In early March, the New Zealand Division assumed responsibility for the section of the Suez Canal guarded by the 2nd Division, which began to embark for France. After three weeks of sentry duty, the New Zealand Division returned to its Moascar base before it too was shipped to France in early April; the divisions of I ANZAC Corps, now commanded by Lieutenant General William Birdwood with Godley taking over II ANZAC Corps, were based in the Armentières sector where they would undergo intensive training in trench warfare on the Western Front. The Armentières front line was regarded by the Allies as a nursery sector where new units could undergo familiarisation without being called upon for intensive offensive operations, it was not an easy introduction to the front for the New Zealanders. On arriving in their sector, they found the defensive arrangements to be poor and set about improving the trenches and wire emplacements. Although the bulk of the division's personnel manned secondary defences rearward of the front line to avoid the German artillery, the forward areas had to be patrolled as a deterrent to an attack and to give the impression they were manned.
The static nature of the war meant that the Divisional Mounted Troops, intended to be used as scouts, were redundant and, along with two Light Horse squadrons from the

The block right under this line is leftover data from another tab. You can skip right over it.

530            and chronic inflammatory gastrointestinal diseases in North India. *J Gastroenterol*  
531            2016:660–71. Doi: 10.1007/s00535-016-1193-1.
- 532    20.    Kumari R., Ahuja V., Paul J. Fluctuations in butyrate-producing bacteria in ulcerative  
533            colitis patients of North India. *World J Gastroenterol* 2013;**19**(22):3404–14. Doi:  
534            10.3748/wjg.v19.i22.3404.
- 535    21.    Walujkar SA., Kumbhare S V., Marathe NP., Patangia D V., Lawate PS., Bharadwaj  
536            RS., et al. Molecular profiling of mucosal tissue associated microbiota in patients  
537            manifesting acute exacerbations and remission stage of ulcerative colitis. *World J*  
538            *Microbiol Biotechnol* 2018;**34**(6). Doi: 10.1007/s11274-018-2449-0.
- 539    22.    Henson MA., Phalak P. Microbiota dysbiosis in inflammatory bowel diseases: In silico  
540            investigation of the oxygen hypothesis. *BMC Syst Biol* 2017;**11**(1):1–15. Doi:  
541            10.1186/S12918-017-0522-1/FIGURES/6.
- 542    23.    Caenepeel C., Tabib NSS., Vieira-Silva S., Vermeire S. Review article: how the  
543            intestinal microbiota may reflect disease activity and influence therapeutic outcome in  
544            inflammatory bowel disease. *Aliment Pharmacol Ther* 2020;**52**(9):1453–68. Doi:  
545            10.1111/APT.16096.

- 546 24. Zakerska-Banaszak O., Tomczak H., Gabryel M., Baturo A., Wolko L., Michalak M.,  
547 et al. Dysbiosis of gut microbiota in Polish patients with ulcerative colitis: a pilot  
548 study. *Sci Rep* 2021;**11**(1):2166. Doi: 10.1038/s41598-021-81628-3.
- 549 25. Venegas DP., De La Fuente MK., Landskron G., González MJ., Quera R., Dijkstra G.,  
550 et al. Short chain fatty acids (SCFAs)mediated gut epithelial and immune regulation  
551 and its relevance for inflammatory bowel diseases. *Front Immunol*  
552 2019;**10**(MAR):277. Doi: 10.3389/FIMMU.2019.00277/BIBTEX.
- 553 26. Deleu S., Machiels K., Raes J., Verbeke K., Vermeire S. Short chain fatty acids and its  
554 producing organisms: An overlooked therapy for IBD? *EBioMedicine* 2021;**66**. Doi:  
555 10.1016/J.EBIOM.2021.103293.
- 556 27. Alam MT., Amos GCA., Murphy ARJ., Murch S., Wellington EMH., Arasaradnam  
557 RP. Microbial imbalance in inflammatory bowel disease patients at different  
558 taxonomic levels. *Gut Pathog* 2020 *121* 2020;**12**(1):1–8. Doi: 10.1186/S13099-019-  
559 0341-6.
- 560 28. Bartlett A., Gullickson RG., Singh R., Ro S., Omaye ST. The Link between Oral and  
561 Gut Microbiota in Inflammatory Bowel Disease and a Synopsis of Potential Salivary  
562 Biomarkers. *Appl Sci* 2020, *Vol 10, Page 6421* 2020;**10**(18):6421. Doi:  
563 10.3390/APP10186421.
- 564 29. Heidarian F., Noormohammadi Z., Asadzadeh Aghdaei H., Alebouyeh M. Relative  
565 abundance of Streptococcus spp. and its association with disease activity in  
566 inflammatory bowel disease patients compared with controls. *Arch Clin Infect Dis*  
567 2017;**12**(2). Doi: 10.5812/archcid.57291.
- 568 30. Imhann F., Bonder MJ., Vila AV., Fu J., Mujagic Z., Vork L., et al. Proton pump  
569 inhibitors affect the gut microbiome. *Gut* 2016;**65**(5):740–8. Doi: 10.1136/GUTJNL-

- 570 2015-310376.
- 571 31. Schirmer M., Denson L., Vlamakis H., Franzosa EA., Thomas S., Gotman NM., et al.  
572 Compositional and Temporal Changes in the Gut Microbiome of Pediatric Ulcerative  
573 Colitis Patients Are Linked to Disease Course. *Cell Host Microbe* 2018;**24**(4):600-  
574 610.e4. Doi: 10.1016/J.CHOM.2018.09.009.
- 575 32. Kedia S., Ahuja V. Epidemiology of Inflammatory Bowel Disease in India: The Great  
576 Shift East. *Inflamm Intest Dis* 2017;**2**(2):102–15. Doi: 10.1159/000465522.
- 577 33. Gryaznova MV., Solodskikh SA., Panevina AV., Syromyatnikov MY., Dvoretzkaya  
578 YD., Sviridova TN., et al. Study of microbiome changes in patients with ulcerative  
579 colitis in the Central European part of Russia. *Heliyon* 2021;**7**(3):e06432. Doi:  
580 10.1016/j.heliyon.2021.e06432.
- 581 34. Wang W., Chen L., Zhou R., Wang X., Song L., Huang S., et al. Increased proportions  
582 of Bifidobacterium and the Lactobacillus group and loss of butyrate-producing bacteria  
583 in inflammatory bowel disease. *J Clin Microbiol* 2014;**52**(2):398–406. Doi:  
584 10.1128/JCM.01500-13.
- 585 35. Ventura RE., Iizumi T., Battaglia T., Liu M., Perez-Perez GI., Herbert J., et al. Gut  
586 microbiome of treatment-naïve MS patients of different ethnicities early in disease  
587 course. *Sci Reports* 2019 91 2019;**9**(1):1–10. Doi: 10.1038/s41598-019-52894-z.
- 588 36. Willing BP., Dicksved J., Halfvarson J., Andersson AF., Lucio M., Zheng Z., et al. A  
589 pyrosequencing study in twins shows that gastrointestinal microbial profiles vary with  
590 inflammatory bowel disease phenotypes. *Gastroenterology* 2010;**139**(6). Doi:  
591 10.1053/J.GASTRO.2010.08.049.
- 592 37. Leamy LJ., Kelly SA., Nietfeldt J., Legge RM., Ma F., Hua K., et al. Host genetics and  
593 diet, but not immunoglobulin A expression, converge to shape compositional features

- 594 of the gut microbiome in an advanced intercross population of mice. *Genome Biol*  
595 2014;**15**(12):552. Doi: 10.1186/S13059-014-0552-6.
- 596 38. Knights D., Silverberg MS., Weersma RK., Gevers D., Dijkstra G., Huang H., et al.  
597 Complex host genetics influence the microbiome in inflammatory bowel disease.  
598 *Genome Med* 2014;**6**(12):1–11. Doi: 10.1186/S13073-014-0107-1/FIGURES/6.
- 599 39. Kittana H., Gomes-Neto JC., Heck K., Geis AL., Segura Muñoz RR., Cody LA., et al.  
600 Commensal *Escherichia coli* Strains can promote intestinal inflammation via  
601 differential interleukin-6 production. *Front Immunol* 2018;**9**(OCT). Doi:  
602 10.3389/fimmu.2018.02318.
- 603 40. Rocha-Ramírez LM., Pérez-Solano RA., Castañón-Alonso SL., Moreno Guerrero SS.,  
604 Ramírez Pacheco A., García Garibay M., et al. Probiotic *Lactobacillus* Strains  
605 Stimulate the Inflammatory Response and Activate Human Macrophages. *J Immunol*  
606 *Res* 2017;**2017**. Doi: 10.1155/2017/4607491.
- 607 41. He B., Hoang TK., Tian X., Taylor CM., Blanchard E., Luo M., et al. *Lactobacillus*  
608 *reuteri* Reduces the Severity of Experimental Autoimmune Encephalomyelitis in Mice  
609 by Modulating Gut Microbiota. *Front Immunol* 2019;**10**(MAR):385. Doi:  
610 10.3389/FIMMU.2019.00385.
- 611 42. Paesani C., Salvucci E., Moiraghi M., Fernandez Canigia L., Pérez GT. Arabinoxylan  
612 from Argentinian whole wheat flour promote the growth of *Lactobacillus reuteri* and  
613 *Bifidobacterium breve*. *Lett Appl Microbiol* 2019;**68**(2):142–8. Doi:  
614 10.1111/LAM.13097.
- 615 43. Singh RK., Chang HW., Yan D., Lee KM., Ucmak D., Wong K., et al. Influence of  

Kechnec is a village in eastern Slovakia. The village lies at an altitude of 180 metres and covers an area of 10.211 km². The municipality is part of Košice Region, it has a population of about 1080 people. The village was first mentioned in 1220 as a settlement called Felnemet. Being on the Hungarian Queen’s land at the lower stream of the River Hornád, the territory of Kechnec was settled by German immigrants at the turn of the 12th and 13th centuries. We know that from the Varadin’s Register of 1220. In 1295 the Queen Agnes gave the town of Kechnec, together with another 7 small towns to Menne, a surrogate breastfeeder of King Ladislaus IV of Hungary. An old document dated to 1338 says that in this town there was a mill, located near the present town of Seňa, preserved to the modern times; this documents active life of local farmers. The King Sigmund, another major player in the history of the town, gave Kechnec to the Marmoss administrator Peter of Perin, it was a gift for his loyalty and military merits.